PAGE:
I’ve written four extensive essays (here and here and here and here) about the illegality in Cruz and Hawley’s objections to the count of the electoral vote on January 6. But as I’ve gotten a bunch of emails asking essentially the same question, it’s clear one part of my argument is not sufficiently clear.
These emails essentially ask:
Why isn’t it ok to have a debate and discussion; what harm could come from spending two hours discussing whether in fact the votes in key states — Pennsylvania, Arizona, Georgia, Wisconsin, Michigan—were proper?
If Cruz and Hawley had simply triggered a debate, that would simply have evinced their own ignorance about the question presented by the January 6 vote.
But Cruz and Hawley didn’t just trigger a debate. Cruz and Hawley voted against counting those electors’ votes.
So the proper question is, on what basis?
The law says that the selection of Biden electors from those states “shall be conclusive” IF the states:
- “shall have provided, by laws enacted prior to the day fixed for the appointment of the electors, for its final determination of any controversy or contest concerning the appointment of all or any of the electors” [they did]
- “and such determination shall have been made at least six days before the time fixed for the meeting of the electors” [it was].
(1) plus (2) means that Cruz and Hawley were required by law to consider these electors as the properly selected electors from these states.
These properly selected electors then had cast their ballots. Their votes were certified by the states and sent to Congress. The law directs how Congress is to count such certified votes.
While the law that so directs is famously complex, there are some absolutely easy cases under the law — namely, when only one slate of electors is presented, and when that slate had been chosen by a process that was resolved 6 days before the electors’ vote.
That absolutely easy case was the case in every contested state in this election.
So when the law calls for the counting of the vote, and gives each member a right to “object,” the law still requires the objector state “the ground thereof.” If there is no possible ground relating to the selection of the elector (and again, as shown above, there was not), then the only possible basis for rejecting the votes of those properly certified electors is if their vote was not “regularly given”:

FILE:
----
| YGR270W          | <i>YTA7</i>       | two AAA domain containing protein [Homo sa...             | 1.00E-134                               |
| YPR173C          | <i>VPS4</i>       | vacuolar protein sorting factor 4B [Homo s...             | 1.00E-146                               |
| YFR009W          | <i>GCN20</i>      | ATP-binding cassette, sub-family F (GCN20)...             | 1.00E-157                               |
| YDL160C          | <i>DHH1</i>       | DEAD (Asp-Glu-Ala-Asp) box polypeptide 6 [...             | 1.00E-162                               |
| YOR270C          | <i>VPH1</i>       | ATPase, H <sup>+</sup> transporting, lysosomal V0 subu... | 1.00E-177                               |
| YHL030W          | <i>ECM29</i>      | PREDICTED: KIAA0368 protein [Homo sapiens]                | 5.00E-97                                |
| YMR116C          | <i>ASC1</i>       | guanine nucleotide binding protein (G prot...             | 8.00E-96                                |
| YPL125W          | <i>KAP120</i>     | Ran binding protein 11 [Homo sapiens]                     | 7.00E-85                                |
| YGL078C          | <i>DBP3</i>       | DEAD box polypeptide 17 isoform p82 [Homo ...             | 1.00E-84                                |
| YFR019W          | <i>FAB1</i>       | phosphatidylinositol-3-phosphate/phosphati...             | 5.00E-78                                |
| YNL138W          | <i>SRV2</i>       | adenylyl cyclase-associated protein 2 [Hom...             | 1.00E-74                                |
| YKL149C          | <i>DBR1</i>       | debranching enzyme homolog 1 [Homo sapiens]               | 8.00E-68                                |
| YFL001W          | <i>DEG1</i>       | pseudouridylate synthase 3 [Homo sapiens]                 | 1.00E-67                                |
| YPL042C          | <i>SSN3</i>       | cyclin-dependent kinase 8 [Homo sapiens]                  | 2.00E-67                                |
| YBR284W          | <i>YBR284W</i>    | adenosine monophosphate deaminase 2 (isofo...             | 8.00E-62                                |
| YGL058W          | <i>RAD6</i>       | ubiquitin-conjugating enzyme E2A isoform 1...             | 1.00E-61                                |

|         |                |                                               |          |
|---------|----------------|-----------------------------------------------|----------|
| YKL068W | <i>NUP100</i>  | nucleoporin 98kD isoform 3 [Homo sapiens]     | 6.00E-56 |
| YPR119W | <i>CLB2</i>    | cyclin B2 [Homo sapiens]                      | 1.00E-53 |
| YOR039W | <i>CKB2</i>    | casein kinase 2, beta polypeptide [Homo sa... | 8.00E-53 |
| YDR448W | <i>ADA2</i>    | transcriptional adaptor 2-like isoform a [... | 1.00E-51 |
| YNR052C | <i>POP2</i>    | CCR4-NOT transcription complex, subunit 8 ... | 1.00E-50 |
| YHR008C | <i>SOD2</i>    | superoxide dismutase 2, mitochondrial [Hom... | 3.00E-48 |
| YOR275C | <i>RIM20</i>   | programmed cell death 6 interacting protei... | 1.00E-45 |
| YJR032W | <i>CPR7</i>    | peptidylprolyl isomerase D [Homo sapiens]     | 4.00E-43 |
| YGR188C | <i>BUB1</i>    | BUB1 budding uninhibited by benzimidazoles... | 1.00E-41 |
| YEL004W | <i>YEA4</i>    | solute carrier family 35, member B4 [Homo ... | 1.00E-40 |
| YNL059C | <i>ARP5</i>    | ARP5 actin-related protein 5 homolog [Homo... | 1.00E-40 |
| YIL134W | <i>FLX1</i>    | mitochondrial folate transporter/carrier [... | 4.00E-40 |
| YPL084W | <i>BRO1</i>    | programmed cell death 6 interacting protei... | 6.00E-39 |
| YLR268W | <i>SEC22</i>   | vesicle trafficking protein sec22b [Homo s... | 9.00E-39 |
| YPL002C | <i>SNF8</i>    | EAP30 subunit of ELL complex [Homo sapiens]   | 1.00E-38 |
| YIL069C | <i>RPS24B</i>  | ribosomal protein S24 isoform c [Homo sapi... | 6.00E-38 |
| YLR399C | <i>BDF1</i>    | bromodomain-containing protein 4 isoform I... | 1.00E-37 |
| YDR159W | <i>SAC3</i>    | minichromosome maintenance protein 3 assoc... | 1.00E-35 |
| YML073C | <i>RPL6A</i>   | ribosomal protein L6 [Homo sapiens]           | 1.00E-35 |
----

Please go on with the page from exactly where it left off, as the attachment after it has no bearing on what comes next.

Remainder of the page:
“and no electoral vote or votes from any State which shall have been regularly given by electors whose appointment has been lawfully certified to according to section 6 of this title from which but one return has been received shall be rejected” (3 USC §15).
Ok, but here’s the critical point: “votes … regularly given” refers to the votes of the presidential electors. The only possible ground for objecting to the votes in these cases was the belief that the votes of these electors were not regularly given.
Yet clearly, as each of these electors was a Biden elector, and each of these electors voted for Biden, there was no possible basis for saying their votes were not “regularly given.” (By contrast, if, say, a Biden voter had mysteriously switched sides, and Congress believed s/he had been bribed, then possibly Congress could believe the vote had not been “regularly given.”)
So all this means exactly one thing: There was no legal basis for objecting to the counting of any of these electoral votes. Yet Hawley and Cruz (and a bunch of others) objected nonetheless and voted against counting those votes. Their objection was, therefore, literally lawless: It had no basis in law; its only basis was ego and opportunism.
If all that’s not clear, here’s a comparable hypothetical: Imagine Josh Hawley runs for President in 2024, and imagine he is his party’s nominee; and imagine the states he’s won give him 306 electoral votes. But imagine on the day Congress is to vote, a bunch of Democrats object. And imagine their objection is simply this: That they don’t believe that anyone under the age of 50 should be elected President, so they won’t vote to count the electoral votes for Hawley.
Obviously — obviously—that objection would be without legal basis. The Constitution requires only 35 years, not 50. The objectors may have a different preference, but their personal preference is not the law. The only right they have to raise an objection relates to a “ground” that is grounded in the constitution or the law. Not being 50 is not an objection grounded in any law.
Cruz and Hawley have no stronger defense of their objection on January 6. None of the legitimate reasons for Congress to object to an elector or her or his vote were present or true. Not one. Yet they objected nonetheless and voted against counting these votes.
That was either ignorance or lawlessness. Sneers notwithstanding, neither Hawley nor Cruz is ignorant.
If you’re from Missouri (as my partner and inlaws are) or Texas (as many friends are), you need to hold these Senators to account. Mysteriously (’cause I can’t imagine why), neither Cruz nor Hawley have accepted my invitation to defend their actions on our podcast.
So make them defend those actions to you. Attend their town meetings. Ask a question, respectfully and without anger or emotion:
Senator, on what legal basis did you vote not to count the electoral votes for Joe Biden and Kamala Harris?
If you do, record it, and I’ll do everything I can to help spread their defense.
They crossed a line. Hold them to account.